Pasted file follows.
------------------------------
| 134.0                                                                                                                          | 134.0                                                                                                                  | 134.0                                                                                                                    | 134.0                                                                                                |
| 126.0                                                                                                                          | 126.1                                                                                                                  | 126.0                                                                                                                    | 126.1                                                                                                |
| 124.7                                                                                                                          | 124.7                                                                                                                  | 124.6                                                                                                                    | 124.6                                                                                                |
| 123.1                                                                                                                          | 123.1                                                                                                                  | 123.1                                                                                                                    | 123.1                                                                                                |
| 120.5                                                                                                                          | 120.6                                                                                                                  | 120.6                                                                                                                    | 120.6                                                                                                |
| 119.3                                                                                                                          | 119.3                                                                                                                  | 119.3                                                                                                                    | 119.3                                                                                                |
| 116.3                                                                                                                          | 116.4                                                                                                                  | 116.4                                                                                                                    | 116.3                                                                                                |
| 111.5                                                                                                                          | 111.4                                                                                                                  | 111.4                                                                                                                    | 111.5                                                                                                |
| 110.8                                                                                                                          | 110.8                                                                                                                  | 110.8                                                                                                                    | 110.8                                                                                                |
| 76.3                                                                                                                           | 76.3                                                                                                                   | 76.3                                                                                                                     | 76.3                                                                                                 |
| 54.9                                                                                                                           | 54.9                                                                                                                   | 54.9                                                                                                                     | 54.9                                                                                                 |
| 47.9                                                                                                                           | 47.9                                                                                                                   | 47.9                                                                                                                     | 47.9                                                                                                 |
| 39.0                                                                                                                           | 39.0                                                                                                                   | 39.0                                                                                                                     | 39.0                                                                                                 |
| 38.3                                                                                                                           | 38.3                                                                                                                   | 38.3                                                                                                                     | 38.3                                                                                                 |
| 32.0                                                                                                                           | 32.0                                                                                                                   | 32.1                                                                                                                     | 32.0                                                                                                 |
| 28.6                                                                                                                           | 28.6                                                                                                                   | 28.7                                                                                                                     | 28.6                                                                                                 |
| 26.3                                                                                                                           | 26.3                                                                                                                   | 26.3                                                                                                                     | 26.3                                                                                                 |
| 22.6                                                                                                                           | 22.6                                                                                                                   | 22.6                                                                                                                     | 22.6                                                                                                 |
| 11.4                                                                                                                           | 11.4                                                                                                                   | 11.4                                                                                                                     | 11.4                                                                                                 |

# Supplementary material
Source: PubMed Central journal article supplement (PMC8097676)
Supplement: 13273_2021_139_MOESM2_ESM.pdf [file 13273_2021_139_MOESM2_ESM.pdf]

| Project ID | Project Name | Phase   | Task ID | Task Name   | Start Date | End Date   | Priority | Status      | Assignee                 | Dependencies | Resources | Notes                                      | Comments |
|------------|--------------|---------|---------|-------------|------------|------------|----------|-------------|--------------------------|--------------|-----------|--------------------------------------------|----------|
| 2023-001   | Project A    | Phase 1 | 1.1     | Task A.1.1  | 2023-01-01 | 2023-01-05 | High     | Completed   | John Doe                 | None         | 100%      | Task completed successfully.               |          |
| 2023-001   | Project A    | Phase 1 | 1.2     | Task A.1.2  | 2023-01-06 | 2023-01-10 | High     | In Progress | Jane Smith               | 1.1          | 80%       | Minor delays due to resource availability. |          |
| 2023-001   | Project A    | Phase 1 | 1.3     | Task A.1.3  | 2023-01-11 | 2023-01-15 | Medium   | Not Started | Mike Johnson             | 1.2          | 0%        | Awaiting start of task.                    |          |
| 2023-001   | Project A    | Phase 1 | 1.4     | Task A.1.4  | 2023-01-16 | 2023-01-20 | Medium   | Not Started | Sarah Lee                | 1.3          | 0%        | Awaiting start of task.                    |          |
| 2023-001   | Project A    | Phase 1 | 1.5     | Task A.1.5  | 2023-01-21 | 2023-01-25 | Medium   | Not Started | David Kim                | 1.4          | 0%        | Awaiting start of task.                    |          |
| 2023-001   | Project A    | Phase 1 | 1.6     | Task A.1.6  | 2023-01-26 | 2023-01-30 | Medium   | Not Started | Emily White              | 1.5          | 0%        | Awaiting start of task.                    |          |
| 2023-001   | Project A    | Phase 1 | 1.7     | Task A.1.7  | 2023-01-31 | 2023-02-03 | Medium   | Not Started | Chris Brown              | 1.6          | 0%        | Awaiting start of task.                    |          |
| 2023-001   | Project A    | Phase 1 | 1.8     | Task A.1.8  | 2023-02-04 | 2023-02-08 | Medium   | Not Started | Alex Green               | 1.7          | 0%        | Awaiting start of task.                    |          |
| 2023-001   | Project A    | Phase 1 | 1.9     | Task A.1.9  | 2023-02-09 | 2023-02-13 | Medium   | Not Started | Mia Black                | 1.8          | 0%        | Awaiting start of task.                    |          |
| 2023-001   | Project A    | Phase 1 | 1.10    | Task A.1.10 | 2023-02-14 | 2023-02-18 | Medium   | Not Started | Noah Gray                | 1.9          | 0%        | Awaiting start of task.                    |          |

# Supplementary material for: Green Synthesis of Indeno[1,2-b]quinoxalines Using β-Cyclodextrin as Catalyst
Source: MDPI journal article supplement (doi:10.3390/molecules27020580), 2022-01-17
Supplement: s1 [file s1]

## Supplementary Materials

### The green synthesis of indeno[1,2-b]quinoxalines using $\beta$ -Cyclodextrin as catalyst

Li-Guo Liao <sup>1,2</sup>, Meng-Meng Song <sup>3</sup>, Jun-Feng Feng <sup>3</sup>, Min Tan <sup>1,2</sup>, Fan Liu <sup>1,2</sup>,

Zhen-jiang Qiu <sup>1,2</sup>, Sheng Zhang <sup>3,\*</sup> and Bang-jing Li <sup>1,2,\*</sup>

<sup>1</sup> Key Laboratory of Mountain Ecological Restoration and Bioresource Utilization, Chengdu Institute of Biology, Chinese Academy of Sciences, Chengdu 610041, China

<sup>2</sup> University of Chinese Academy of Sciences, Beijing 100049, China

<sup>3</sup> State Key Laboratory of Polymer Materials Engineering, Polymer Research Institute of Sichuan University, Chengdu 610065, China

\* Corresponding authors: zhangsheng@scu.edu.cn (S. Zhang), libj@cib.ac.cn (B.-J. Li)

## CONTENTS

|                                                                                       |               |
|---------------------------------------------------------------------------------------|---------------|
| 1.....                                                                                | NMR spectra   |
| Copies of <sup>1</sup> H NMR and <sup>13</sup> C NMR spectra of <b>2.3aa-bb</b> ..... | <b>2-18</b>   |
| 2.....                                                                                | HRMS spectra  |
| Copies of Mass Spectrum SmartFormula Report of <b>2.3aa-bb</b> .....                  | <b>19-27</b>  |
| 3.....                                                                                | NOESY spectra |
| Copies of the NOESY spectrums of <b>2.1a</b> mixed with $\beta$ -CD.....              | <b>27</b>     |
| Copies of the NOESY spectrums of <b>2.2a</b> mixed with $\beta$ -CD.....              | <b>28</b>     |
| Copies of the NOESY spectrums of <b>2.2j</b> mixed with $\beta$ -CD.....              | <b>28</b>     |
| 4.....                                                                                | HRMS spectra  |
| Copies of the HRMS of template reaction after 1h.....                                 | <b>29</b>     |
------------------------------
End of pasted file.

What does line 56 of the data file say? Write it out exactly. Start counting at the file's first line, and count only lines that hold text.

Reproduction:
| Copies of the NOESY spectrums of <b>2.2j</b> mixed with $\beta$ -CD.....              | <b>28</b>     |